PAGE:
I test a lot of hardware and software, and tend to be hard on my systems. Long-time readers of this column know I'm a fanatic about backups so when-inevitably-this beta or that prototype brings my system down, I don't lose data. But it's still a pain in the posterior to have to restore everything from scratch.

The recent drop in hard drive prices got me to thinking about live, online backups-backups you can access in seconds, rather than minutes or hours, when something goes awry. So, I sprung for a new 4GB drive (less than $300), and installed it as a "slave" in my primary home system. Total elapsed time to install, including formatting: about 45 minutes. Now, in addition to my offline, archival backups, I have my entire hard drive cloned on a second drive. If, or rather when, some beta bug hoses my main system, I can even FDISK and reformat the main drive, but have all my files available live and online the whole while. With a product like LapLink to keep the multiple copies in sync, and something like PowerQuest's DriveCopy utility to restore the files from the second drive to the first, setups that used to take hours now take far less time.

The third example isn't exactly an upgrade, but it falls into the same general category. I'd been intrigued by the $800 to $1,000 assemble-it-yourself systems I'd seen and wondered how hard it would be to put one together. I called TigerDirect (http://www.tigerdirect.com) and asked for one of its 200MHz machines based on the AMD-K6 chip. The system includes 16MB of RAM, a 4.3GB hard drive, a floppy drive, an S3 ViRGE 3D video card, a 20X CD-ROM drive, a multifunction IBM Mwave card (a DSP-based unit that provides 33.6 fax modem, answering-machine and sound-card capabilities), a keyboard, mouse, speakers and microphone.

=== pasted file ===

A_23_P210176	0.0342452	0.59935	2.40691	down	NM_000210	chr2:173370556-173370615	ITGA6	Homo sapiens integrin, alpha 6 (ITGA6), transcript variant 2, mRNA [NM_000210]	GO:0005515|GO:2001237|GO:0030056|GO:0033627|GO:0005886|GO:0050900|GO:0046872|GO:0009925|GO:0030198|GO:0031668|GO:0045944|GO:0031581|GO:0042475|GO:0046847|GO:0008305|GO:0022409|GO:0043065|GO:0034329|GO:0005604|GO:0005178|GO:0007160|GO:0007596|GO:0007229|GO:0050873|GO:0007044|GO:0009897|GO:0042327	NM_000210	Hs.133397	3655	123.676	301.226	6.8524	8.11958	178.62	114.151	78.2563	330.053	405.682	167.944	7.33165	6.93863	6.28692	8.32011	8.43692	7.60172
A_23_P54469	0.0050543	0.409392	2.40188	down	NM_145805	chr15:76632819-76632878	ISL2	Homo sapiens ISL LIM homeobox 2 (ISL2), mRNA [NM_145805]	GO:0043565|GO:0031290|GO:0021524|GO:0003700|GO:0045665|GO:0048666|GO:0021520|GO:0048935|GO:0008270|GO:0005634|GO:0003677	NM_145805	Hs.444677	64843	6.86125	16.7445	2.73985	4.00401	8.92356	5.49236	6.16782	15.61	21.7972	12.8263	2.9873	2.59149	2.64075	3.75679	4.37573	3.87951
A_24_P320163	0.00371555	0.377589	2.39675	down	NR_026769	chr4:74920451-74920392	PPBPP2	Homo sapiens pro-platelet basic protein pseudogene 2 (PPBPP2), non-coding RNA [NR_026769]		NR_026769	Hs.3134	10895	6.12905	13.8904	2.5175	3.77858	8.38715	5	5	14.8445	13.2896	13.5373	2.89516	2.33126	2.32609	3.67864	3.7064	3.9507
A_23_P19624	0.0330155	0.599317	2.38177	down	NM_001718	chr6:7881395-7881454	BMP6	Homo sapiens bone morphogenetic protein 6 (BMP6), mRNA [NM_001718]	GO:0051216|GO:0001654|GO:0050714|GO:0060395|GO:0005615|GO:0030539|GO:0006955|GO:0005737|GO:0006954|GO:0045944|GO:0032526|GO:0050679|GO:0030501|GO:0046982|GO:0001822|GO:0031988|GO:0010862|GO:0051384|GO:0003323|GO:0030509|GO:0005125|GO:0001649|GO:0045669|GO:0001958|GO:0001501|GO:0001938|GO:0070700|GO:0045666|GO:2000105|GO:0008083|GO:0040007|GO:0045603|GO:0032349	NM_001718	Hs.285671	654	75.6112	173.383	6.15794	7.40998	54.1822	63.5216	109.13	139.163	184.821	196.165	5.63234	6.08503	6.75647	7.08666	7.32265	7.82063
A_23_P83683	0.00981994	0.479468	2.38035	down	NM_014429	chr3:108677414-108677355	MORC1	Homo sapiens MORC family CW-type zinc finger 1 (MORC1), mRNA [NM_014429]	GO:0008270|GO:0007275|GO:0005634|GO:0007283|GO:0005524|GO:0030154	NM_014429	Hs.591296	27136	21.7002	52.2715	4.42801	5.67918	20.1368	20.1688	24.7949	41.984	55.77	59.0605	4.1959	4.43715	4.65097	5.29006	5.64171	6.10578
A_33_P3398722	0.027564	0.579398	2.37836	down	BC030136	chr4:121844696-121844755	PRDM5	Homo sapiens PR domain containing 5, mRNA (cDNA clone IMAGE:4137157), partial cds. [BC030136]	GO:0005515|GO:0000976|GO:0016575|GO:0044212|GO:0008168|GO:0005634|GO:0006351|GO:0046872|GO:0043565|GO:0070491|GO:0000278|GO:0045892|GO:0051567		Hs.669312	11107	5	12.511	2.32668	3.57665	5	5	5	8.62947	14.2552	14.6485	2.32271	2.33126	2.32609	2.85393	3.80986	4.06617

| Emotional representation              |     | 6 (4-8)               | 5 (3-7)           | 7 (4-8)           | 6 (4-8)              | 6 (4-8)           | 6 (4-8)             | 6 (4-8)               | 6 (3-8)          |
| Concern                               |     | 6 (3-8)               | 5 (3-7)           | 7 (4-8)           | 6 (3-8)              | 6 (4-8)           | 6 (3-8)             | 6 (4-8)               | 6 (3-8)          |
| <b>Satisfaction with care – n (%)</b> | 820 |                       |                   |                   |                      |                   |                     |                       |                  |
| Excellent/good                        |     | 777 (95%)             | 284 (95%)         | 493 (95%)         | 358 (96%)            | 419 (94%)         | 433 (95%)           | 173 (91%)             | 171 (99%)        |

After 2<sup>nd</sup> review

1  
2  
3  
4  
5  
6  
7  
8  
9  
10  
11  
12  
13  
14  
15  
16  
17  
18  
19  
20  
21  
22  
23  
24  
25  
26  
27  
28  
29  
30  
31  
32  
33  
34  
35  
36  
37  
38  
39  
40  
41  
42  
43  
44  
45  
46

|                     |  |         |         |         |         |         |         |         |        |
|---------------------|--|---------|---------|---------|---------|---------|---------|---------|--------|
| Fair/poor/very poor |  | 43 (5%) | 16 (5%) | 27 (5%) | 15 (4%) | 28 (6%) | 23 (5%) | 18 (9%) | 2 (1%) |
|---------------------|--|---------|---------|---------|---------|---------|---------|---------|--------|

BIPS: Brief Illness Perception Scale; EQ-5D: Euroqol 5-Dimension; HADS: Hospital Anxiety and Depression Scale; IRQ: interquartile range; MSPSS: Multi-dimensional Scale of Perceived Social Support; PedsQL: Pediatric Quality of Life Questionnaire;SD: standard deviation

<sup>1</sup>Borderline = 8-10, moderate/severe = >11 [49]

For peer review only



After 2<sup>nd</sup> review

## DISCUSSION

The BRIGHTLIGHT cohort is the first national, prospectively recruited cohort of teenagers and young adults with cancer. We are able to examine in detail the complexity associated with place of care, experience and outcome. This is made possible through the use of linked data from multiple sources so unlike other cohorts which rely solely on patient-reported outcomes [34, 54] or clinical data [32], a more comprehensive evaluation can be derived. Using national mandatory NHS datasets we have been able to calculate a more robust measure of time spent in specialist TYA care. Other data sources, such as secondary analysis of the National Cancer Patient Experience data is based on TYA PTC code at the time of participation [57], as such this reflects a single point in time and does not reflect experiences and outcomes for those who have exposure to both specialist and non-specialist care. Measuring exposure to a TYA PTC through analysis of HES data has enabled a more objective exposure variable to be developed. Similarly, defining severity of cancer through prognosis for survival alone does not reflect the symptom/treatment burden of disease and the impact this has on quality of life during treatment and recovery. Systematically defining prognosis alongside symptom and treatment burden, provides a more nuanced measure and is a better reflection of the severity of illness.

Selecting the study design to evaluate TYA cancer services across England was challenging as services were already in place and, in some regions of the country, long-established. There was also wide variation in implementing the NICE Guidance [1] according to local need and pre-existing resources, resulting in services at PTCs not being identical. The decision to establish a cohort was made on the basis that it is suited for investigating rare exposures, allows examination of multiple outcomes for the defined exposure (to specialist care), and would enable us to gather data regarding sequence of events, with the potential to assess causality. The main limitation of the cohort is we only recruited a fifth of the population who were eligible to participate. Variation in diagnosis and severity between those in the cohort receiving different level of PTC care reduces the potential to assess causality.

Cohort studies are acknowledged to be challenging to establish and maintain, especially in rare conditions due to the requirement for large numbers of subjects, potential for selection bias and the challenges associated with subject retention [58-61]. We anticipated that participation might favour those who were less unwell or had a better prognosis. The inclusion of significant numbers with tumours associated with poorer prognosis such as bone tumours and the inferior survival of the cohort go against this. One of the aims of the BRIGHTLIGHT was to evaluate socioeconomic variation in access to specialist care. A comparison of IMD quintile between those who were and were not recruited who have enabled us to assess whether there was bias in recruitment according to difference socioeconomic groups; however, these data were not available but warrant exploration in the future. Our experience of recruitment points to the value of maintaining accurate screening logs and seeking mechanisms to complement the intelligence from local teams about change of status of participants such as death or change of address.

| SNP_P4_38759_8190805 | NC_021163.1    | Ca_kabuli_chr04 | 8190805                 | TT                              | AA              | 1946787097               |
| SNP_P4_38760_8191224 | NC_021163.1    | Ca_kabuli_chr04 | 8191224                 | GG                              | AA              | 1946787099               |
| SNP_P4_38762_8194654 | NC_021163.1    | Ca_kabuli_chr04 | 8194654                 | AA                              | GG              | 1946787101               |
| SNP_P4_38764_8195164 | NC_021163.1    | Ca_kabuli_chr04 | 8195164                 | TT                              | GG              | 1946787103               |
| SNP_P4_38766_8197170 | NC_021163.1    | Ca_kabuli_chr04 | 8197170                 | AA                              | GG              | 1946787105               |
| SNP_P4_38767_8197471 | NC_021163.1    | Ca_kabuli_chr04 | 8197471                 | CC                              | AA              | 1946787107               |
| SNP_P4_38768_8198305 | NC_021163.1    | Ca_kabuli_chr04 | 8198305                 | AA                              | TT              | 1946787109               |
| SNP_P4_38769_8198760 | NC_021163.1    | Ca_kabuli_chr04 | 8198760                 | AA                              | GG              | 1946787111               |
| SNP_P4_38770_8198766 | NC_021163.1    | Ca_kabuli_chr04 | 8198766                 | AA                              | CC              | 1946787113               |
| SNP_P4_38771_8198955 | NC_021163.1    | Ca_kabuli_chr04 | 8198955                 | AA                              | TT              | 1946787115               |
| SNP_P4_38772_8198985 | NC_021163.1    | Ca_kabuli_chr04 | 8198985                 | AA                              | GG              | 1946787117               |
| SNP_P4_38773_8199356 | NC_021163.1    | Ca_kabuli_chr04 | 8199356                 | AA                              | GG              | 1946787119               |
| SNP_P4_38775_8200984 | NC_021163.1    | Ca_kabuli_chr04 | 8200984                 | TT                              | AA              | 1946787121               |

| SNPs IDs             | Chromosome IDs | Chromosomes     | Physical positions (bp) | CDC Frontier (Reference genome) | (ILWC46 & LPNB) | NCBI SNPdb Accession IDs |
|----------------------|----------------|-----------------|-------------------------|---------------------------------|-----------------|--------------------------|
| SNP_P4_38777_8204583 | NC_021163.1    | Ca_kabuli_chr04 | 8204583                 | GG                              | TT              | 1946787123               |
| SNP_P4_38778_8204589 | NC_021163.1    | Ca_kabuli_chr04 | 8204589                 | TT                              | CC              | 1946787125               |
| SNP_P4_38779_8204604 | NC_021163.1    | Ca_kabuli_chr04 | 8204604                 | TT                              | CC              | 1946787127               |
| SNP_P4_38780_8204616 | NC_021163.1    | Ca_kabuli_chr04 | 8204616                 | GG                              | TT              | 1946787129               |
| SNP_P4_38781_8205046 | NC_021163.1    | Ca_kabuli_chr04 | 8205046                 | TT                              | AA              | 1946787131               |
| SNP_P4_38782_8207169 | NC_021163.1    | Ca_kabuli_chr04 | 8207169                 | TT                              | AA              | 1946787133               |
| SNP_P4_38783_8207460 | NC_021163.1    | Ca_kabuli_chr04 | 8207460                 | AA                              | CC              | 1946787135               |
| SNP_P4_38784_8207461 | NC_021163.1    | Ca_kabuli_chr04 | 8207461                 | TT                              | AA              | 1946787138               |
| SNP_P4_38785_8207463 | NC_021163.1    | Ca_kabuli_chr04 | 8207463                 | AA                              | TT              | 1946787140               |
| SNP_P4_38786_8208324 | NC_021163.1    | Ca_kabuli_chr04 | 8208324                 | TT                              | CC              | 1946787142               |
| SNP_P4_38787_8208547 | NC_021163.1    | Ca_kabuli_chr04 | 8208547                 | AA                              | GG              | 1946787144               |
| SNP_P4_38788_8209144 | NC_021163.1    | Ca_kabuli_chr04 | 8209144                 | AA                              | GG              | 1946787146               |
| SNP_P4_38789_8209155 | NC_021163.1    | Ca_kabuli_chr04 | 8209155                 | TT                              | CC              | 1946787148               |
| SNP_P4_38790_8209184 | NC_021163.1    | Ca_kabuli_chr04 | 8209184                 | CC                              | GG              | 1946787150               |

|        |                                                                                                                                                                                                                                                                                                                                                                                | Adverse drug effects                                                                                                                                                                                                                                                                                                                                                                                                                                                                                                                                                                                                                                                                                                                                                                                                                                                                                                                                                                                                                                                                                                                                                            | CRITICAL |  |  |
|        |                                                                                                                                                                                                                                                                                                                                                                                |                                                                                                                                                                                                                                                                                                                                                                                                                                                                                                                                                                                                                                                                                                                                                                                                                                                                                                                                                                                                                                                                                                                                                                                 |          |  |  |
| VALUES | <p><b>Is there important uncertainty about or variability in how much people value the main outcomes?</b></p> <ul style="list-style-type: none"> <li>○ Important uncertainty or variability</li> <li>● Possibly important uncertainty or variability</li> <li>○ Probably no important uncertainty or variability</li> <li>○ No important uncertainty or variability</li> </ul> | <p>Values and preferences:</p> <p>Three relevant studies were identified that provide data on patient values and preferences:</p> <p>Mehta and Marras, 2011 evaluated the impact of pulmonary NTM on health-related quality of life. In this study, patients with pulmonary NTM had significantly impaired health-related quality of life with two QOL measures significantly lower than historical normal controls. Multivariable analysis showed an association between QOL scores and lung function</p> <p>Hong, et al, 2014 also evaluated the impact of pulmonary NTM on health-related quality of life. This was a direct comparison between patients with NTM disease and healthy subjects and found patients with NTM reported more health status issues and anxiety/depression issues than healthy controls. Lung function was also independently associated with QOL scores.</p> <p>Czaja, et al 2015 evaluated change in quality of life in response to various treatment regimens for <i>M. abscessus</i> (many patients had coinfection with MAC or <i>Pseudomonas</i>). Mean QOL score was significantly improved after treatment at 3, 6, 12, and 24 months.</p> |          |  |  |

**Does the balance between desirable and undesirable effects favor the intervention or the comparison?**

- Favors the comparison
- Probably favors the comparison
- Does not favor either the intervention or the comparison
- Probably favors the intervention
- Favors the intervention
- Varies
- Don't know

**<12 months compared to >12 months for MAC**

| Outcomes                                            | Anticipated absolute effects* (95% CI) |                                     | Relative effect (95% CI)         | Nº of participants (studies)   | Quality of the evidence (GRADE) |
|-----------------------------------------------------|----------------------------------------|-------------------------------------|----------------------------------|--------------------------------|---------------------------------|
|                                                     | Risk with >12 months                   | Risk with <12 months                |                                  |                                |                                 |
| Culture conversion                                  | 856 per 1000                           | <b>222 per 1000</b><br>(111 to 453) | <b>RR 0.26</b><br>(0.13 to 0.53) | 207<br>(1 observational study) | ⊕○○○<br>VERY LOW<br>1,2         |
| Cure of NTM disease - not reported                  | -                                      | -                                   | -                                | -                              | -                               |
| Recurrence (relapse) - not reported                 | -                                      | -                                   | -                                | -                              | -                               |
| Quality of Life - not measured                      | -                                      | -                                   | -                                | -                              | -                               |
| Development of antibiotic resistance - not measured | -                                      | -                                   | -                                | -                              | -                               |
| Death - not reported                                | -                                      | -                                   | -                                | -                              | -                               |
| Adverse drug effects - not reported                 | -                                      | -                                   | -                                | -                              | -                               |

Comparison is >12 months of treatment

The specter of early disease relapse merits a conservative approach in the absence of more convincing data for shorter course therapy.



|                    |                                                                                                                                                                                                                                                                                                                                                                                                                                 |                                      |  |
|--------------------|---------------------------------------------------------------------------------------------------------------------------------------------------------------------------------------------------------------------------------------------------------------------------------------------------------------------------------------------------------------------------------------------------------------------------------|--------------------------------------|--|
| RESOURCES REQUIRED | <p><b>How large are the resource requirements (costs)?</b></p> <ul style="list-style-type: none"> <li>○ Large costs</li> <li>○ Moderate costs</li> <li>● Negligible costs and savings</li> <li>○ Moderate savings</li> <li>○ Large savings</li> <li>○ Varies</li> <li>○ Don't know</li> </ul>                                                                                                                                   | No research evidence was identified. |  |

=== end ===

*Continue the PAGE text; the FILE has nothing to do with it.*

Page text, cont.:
The system took about 90 minutes to assemble, or rather about 60 minutes of actual work and another 30 minutes of head scratching. Some of the printed instructions did not accurately reflect the system I actually received; in other places, the instructions glossed over a few slightly quirky assembly steps too lightly. (See http://www.winmag.com/flanga/k6.htm for more details and some step-by-step snapshots.) But once everything was together, the system worked fine-informal Wintune benchmarks clock this K6 unit as faster than some factory-made Pentium 200MHz systems. I'd have no qualms recommending a system like this as a low-end home or second system.

Despite the high performance, the system only costs around $1,100. Fully assembled K6 systems run anywhere from $200 to $900 more.

I'm the first to admit that building an entire system isn't for everyone, but as you can see from these three examples, you can gain a significant payoff with just a little elbow grease. Other easy do-it-yourself upgrades include adding memory, upgrading CD drives and so on. If you're still thinking of hardware upgrades as something strictly for the pocket-protector crowd, you may be selling yourself short.

Give it a try. It's easier, and cheaper, than you think!

Fred Langa is vice president and editorial director of Windows Magazine. Contact Fred via his home page at http://www.winmag.com/flanga/hotspots.htm or at the addresses on page 20.


Windows Magazine, October 1997, page 39.